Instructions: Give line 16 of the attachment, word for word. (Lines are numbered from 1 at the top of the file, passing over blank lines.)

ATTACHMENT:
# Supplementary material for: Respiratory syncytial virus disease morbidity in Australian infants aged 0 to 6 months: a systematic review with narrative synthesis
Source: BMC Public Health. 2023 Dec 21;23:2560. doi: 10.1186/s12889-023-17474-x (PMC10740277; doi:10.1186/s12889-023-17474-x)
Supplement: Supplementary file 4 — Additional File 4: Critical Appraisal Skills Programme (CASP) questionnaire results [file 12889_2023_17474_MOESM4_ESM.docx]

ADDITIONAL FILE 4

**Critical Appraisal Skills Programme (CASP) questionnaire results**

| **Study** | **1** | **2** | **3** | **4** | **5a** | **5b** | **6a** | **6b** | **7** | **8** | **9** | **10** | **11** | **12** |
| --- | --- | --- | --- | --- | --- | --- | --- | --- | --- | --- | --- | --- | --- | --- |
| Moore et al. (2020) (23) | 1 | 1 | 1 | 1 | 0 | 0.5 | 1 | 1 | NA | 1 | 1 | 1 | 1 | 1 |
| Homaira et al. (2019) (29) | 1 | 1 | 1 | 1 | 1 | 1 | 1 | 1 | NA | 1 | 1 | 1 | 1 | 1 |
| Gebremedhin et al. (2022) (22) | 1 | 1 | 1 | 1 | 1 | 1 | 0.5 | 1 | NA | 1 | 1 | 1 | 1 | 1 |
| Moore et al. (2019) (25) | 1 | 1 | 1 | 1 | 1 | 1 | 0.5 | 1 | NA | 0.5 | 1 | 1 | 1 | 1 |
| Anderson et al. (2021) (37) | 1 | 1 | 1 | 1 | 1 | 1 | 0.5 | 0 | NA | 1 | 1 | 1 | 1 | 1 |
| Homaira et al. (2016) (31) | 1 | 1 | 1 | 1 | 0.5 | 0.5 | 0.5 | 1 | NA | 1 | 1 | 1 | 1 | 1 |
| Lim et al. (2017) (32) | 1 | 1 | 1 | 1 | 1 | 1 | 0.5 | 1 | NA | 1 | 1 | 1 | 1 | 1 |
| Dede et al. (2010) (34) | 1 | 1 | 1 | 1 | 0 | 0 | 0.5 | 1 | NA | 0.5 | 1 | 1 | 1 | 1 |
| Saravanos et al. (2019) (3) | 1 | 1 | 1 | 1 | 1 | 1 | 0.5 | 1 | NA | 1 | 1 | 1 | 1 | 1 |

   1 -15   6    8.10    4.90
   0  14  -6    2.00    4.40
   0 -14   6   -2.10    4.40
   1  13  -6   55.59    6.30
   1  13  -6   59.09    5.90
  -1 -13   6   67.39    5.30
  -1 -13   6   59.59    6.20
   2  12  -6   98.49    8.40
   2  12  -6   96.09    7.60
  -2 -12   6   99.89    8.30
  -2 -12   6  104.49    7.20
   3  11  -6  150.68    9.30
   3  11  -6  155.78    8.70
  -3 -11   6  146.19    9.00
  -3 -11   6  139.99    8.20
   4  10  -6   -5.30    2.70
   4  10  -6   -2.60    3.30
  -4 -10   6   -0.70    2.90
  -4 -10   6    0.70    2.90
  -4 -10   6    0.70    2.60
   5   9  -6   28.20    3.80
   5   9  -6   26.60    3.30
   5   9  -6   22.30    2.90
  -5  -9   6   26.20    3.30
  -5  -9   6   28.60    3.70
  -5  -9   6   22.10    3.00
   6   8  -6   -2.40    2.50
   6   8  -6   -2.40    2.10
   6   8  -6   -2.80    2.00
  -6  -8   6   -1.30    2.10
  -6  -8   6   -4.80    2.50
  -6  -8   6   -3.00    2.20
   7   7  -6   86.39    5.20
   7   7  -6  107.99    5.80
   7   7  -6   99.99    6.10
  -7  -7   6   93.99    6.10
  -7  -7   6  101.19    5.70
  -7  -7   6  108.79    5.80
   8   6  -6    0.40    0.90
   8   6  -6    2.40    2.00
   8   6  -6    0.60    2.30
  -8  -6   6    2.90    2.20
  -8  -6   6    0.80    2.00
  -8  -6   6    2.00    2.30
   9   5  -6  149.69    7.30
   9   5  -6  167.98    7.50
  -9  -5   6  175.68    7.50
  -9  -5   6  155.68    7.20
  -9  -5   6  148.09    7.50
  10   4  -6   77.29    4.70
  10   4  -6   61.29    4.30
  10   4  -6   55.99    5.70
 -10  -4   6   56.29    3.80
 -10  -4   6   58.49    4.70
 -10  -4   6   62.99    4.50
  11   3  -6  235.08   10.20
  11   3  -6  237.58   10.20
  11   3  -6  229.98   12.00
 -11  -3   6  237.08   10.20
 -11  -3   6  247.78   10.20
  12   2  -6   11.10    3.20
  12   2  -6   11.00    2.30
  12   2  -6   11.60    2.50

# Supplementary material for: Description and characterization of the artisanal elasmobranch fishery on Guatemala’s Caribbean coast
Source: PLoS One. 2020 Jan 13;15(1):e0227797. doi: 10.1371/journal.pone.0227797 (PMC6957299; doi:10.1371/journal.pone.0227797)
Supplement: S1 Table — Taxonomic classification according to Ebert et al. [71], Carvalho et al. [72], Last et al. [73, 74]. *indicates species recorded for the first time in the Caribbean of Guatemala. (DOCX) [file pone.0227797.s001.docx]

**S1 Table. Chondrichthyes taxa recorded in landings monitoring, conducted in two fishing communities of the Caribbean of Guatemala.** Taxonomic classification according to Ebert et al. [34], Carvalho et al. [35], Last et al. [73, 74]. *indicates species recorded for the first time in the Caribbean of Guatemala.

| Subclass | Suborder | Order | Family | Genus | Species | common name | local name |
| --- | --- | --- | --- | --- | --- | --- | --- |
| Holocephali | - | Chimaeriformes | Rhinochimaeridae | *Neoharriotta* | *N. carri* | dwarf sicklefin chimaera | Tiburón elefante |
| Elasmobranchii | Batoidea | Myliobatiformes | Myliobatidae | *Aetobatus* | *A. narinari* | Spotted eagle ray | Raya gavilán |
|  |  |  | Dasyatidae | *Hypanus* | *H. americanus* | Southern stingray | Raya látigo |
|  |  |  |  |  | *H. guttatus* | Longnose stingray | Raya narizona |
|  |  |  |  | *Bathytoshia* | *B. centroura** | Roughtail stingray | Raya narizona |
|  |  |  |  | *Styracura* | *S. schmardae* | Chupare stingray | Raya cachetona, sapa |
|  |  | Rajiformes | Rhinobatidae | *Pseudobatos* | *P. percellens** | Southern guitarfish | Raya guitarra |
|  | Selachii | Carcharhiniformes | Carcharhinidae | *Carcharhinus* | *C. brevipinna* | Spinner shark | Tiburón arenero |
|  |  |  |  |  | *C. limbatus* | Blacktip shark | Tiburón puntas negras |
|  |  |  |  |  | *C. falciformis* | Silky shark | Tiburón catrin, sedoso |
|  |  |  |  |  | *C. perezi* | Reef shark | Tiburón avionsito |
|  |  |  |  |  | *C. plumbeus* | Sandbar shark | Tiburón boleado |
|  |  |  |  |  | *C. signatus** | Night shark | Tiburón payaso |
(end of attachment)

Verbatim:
| Saravanos et al. (2019) (3) | 1 | 1 | 1 | 1 | 1 | 1 | 0.5 | 1 | NA | 1 | 1 | 1 | 1 | 1 |